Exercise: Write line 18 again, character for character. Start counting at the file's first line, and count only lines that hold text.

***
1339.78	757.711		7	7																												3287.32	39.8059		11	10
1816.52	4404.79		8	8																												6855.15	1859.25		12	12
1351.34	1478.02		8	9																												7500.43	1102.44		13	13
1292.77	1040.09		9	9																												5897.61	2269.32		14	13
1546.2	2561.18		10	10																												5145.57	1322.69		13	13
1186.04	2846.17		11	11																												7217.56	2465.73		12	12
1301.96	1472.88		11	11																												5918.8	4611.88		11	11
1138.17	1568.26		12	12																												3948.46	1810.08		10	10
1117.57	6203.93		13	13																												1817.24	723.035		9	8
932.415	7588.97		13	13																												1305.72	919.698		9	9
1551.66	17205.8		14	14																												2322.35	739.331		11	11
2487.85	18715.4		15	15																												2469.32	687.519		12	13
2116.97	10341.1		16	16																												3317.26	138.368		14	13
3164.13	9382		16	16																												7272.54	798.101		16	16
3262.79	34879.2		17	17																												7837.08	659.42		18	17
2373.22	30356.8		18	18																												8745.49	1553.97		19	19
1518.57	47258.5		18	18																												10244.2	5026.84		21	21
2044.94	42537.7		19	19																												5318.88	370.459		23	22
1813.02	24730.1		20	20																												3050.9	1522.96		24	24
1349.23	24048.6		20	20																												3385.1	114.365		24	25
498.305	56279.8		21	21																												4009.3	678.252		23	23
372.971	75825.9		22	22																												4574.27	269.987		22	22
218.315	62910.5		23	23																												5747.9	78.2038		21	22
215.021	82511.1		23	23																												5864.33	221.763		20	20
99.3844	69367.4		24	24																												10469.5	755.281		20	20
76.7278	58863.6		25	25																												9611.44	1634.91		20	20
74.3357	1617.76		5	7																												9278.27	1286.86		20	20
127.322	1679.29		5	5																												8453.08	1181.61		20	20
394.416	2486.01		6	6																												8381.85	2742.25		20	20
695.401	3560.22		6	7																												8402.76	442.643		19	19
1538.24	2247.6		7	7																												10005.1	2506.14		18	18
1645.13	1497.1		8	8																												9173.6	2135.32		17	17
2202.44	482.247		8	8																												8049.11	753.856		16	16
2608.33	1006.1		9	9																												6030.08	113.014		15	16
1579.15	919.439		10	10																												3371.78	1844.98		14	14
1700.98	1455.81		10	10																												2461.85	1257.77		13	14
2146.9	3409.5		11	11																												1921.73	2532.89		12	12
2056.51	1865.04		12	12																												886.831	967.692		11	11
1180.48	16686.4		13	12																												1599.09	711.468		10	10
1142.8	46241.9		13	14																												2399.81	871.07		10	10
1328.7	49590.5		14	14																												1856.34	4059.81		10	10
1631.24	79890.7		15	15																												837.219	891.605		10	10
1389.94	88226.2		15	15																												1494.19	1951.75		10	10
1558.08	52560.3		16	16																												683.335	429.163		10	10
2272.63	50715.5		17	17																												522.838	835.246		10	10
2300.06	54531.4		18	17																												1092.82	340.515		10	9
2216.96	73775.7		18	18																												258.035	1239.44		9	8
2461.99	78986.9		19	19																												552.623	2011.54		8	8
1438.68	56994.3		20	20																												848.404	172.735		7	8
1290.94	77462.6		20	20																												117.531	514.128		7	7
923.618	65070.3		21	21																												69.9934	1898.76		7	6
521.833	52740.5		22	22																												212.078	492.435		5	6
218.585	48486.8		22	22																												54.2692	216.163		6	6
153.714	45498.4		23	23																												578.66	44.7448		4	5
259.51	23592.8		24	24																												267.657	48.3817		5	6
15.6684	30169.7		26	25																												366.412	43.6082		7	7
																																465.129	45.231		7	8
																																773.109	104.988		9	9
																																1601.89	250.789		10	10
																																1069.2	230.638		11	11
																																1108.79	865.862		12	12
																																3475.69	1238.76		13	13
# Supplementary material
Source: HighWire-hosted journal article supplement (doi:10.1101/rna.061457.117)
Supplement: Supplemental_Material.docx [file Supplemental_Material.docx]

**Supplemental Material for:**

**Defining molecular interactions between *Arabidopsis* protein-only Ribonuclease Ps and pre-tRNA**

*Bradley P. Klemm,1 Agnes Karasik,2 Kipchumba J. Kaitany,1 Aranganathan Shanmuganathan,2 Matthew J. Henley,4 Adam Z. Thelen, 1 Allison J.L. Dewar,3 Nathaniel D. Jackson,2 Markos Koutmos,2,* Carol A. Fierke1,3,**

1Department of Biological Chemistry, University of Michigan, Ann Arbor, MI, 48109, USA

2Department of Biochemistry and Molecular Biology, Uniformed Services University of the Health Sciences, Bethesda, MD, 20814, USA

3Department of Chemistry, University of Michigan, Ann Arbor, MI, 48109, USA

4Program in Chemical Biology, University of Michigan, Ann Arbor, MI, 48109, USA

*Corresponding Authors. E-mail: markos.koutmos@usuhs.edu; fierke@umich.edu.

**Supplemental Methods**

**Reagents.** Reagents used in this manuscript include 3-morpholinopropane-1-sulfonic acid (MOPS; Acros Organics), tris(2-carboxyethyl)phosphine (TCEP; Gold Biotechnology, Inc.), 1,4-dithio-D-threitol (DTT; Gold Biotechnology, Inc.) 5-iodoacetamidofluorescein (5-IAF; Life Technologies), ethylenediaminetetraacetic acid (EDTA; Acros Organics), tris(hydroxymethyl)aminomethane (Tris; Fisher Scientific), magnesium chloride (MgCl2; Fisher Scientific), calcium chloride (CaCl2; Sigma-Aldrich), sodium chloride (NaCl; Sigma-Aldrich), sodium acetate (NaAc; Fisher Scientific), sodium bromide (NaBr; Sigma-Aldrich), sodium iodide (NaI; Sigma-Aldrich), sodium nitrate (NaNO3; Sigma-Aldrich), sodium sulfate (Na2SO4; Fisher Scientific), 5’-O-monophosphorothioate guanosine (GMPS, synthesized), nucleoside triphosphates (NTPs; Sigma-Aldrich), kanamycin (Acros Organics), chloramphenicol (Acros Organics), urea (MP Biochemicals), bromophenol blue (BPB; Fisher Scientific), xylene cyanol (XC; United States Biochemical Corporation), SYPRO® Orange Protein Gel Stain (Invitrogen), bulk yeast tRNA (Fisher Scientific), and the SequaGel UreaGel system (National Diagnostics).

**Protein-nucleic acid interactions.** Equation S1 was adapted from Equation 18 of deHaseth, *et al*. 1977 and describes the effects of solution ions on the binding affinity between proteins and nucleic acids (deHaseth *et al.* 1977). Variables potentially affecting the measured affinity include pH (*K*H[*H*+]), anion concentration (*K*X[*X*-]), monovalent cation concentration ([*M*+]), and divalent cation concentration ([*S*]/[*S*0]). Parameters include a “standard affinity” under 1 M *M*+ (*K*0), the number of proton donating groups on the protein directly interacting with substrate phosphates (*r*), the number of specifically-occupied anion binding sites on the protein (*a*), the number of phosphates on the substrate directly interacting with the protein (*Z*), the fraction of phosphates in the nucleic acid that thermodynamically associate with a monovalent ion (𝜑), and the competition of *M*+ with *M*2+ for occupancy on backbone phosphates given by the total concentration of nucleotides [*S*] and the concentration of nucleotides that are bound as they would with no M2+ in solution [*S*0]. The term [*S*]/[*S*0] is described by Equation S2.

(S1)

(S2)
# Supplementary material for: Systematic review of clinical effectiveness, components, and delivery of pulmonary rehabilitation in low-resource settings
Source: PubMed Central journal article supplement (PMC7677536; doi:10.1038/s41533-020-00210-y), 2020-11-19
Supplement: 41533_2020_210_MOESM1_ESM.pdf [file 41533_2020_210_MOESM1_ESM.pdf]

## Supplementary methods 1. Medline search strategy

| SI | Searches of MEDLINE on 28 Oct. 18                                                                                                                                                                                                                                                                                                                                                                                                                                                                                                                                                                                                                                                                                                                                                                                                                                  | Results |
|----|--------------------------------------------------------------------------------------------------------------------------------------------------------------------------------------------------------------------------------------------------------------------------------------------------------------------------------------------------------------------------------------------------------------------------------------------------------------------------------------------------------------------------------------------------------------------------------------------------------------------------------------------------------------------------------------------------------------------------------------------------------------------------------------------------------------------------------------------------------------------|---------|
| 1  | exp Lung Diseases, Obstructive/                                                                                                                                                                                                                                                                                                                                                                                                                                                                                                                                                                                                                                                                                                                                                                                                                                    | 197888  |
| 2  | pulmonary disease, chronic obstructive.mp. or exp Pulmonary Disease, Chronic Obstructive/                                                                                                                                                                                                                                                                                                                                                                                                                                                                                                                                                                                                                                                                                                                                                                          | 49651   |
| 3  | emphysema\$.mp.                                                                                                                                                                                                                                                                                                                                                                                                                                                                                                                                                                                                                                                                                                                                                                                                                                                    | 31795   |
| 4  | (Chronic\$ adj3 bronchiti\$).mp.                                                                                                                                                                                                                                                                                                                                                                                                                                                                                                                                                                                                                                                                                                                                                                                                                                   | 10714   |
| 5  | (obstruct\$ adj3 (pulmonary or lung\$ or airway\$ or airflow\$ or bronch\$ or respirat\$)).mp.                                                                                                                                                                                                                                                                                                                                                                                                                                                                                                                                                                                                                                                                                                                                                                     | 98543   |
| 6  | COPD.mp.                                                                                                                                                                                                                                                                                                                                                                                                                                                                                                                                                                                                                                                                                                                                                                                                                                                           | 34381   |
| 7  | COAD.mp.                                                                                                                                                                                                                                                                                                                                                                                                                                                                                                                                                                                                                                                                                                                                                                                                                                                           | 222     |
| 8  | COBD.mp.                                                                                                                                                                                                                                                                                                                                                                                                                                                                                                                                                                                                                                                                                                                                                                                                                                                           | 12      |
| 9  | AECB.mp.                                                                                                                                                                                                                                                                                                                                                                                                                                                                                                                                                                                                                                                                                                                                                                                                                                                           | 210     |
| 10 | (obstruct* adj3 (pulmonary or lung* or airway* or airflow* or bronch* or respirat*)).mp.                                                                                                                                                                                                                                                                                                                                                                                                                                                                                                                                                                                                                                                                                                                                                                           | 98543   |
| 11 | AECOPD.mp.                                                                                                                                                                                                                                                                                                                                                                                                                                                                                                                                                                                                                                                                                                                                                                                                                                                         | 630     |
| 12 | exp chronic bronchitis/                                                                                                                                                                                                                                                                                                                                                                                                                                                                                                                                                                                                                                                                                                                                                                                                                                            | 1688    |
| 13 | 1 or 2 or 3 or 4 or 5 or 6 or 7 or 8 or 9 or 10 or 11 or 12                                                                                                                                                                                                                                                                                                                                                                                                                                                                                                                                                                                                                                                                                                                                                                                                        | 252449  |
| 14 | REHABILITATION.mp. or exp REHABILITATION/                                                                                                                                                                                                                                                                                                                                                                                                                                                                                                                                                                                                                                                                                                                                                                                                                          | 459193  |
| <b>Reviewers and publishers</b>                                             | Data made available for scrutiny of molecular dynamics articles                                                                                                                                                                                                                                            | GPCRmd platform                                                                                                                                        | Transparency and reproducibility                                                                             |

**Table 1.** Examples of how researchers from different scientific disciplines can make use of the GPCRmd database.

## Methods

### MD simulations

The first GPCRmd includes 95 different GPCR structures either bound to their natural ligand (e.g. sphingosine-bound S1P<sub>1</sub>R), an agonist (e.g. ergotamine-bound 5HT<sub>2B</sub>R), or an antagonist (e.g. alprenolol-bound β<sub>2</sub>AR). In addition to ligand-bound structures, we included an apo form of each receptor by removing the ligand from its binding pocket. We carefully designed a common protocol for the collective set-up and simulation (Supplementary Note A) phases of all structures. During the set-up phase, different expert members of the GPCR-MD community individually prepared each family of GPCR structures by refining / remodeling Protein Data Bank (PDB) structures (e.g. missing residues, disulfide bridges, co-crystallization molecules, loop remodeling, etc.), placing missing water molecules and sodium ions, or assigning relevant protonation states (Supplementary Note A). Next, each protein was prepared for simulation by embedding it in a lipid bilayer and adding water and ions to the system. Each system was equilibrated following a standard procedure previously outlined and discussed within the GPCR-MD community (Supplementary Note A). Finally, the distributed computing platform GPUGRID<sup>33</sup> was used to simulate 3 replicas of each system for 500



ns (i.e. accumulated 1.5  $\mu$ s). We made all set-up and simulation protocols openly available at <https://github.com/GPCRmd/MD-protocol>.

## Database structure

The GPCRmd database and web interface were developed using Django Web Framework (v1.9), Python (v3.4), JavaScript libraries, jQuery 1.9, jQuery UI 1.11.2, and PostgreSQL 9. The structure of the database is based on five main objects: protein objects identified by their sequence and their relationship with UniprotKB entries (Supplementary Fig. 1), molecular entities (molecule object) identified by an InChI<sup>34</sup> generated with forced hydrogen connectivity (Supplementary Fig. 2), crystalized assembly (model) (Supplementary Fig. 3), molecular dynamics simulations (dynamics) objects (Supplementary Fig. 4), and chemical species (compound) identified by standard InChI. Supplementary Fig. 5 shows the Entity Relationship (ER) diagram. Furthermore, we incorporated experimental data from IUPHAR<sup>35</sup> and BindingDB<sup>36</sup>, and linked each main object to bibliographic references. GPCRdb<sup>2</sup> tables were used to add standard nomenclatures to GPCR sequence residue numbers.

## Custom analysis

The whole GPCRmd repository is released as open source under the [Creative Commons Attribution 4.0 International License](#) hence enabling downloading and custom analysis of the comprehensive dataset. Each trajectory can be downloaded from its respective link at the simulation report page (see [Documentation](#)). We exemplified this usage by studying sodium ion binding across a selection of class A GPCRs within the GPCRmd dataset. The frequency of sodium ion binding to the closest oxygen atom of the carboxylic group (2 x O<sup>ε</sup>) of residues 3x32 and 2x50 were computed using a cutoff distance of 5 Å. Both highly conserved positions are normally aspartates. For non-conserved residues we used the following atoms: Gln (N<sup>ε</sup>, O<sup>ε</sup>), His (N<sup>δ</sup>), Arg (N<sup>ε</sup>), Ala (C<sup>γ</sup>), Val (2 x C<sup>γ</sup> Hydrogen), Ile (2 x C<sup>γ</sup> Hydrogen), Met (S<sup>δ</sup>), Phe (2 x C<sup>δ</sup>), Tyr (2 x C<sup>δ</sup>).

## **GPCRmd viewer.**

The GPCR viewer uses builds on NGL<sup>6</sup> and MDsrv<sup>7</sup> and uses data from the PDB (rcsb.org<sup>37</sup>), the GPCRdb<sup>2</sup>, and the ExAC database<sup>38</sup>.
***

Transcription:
2044.94	42537.7		19	19																												5318.88	370.459		23	22